Dust cover is intact; pages are clean and are not marred by notes or folds of any kind. Stripped of religious baggage, Buddha's Brain clearly describes how modern concepts of evolutionary and cognitive neurobiology support core Buddhist teachings and practice. Siinä oli hyvä sanoma: teoillasi ja ajattelutavoillasi on fyysisiä vaikutuksia aivoihin. The book has to be experienced and the practices must be put into active use, which takes a lot more time. Letting my muscles slowly loosen, I was astounded at how tired I felt. Maybe one day I'll come back to give this one another shot. Other than that, the book was a great and interesting read.
Buddhist contemplative practices are particularly amenable to such collaboration, inviting efforts to find neurobiological explanations for Buddhist philosophy. This learning enables us to do everything from reciting the alphabet, to picking up a new song on the guitar, to becoming more patient. The linking of the functioning of these structures to the practice of mediation makes sense and doesn't require much of a leap of faith to see the support for the practice. I read about seventy-percent of it, so I'm in no real hurry to get back to it, sticking to my philosophy that there is no reason I should finish a book that I'm not that into especially when it is due back at the library. However, I slowly came to understand how it works and how it helps. I appreciated all the details of the nuts and bolts of neurology,always a fascinating subject.
It then used that information to guide me through practical usage. Clearly there are others who think highly of this book and I respect that, but my experience with this book wasn't incredibly positive. I've been meditating and studying Dharma for several years, but I still got a lot out of this book. Lisäksi kirjan neurotiedeosuudet olivat ehkä sitten kuitenkin liian yksinkertaistetun oloisia, ja kirjoitettu niin että ne ehdottomasti palvelevat kirjan sanomaa. If you're familiar with meditation practices, you'll be familiar with most of the practices presented.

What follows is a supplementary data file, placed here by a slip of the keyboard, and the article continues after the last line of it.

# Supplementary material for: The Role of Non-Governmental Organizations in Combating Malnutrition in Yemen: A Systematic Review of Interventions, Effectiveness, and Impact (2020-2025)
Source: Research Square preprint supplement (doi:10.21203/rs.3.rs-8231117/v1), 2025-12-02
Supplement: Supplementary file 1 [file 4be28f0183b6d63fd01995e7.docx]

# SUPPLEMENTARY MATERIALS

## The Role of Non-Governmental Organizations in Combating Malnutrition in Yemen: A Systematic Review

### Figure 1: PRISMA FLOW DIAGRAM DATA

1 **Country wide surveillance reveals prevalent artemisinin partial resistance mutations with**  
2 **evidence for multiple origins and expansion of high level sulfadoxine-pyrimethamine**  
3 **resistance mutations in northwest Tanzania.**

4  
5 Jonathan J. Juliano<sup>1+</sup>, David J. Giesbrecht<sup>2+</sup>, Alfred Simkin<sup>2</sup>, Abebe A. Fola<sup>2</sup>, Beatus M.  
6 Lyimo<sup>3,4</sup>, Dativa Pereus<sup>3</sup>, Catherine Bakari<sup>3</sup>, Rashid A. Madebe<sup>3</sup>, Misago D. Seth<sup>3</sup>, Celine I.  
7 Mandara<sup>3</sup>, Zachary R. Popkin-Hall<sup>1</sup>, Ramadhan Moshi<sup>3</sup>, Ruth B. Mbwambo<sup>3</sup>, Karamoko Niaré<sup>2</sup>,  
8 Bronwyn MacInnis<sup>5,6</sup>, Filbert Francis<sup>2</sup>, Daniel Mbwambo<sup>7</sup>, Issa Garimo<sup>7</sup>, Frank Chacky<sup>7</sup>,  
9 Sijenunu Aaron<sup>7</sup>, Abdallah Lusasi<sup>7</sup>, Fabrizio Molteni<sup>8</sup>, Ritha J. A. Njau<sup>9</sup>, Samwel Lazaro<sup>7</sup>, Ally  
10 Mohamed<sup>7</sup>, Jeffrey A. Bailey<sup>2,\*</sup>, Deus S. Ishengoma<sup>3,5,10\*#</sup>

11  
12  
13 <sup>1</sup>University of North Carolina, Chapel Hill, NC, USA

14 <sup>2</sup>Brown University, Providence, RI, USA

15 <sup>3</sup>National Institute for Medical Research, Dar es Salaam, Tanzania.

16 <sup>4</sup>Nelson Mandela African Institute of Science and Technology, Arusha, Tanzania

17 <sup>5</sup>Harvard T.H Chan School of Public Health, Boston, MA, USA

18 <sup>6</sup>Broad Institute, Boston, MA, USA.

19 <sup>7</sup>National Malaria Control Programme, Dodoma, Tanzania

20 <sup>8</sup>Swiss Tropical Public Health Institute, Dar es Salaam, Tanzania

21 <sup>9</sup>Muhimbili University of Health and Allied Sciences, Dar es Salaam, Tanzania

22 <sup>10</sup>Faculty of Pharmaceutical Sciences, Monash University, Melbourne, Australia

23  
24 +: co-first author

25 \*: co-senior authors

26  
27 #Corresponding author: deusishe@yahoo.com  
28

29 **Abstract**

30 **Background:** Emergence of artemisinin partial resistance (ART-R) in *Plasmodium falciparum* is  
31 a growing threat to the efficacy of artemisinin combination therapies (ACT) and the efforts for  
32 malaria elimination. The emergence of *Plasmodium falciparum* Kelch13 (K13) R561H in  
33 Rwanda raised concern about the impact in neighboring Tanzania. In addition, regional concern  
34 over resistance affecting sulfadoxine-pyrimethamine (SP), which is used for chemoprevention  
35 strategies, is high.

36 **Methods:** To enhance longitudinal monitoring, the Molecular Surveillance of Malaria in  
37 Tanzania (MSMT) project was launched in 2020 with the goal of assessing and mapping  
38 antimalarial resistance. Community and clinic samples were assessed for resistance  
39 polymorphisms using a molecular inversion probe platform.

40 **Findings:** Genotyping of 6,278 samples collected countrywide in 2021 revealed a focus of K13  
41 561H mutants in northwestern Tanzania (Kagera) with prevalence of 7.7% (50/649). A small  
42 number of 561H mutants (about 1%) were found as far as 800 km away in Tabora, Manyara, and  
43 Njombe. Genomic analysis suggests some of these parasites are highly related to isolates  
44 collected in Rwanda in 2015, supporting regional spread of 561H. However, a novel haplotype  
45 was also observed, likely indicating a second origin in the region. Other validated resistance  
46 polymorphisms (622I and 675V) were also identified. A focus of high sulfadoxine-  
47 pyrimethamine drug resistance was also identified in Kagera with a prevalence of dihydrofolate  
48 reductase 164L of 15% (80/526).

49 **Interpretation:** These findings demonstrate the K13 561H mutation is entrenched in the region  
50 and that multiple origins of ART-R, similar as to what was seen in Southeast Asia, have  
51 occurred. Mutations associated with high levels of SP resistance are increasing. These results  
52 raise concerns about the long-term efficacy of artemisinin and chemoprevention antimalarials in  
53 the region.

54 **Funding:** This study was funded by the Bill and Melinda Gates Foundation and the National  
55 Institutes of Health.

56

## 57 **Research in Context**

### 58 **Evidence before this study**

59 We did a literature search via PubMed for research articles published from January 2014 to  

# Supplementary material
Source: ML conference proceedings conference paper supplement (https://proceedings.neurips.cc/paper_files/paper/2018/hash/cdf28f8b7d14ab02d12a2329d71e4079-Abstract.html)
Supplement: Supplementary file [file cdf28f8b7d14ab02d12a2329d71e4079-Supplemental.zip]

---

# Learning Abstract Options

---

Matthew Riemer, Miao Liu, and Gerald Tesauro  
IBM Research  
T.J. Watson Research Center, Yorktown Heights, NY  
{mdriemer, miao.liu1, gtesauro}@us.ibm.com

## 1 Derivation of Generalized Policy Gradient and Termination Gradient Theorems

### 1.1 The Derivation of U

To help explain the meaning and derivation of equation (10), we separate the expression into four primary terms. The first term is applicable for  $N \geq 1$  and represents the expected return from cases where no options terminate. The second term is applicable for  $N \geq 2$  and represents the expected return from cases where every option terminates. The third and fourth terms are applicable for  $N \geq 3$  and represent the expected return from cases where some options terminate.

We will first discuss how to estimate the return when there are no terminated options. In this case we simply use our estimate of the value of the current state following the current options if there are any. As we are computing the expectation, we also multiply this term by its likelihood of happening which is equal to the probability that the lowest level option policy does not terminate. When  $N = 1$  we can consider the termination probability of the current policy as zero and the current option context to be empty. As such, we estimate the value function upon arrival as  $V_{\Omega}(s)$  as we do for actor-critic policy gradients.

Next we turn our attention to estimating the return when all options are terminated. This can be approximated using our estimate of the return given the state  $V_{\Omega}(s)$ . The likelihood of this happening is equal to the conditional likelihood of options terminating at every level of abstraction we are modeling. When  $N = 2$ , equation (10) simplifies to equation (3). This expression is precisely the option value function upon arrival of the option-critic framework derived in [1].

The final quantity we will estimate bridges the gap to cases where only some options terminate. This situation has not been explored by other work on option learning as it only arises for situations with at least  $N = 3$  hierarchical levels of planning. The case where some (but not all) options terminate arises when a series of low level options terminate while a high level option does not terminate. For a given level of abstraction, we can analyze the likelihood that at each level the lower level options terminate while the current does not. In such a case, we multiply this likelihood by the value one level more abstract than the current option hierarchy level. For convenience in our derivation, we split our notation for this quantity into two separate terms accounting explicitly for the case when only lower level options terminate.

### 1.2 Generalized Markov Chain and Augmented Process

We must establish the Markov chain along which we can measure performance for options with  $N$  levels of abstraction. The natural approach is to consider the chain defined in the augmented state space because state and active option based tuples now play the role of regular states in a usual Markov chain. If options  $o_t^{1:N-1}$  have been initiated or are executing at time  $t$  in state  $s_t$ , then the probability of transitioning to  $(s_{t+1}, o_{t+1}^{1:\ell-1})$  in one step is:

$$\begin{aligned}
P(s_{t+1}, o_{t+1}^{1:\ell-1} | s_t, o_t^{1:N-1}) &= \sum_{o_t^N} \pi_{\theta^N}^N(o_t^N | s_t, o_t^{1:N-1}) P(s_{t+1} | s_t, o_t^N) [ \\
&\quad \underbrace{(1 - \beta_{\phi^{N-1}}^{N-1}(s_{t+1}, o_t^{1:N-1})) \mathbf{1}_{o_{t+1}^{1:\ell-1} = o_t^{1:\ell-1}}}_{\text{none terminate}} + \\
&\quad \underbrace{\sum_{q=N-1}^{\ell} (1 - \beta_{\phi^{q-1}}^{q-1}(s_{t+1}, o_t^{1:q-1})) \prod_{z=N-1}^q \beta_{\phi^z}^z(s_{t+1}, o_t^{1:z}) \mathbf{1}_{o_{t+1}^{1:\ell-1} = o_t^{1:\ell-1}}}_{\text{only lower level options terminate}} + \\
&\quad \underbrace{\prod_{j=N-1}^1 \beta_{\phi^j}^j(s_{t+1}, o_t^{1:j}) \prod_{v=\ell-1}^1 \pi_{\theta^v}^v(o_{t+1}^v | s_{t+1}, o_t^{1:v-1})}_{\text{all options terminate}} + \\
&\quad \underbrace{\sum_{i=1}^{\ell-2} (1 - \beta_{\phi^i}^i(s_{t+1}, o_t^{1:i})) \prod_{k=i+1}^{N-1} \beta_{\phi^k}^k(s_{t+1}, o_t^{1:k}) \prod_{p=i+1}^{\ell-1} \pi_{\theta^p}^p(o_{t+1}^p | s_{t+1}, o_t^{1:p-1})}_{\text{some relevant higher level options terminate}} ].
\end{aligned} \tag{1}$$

You will receive instructions, via e-mail, on how to take your test online. On a positive note, I really like the theme. If you're familiar with meditation practices, you'll be familiar with most of the practices presented. This is a book that you may want to read slow and write notes in. I have very mixed feelings about this book.
Buddha's Brain is an amazingly easy, quick read it took me some time, due to other readings The book has three main parts: The causes of suffering, Happiness and Love. The book works as a great toolbox that offers plenty of small exercises for daily life. In order to deal with information gaps and uncertainty, brain also creates its own virtual reality, making assumptions and reconstructing memories or events. Finally one day I broke down and bought it. I really enjoyed and learned from this uniquely preventative and helpful guide to neuroscience with a gentle, spiritual twist. Then, a read a review from a friend of mine and he had pointed out what I was missing: self-distance. I really enjoyed the sections that explained why we react the way we do to certain situations and related these back to why our brains developed that way to begin with.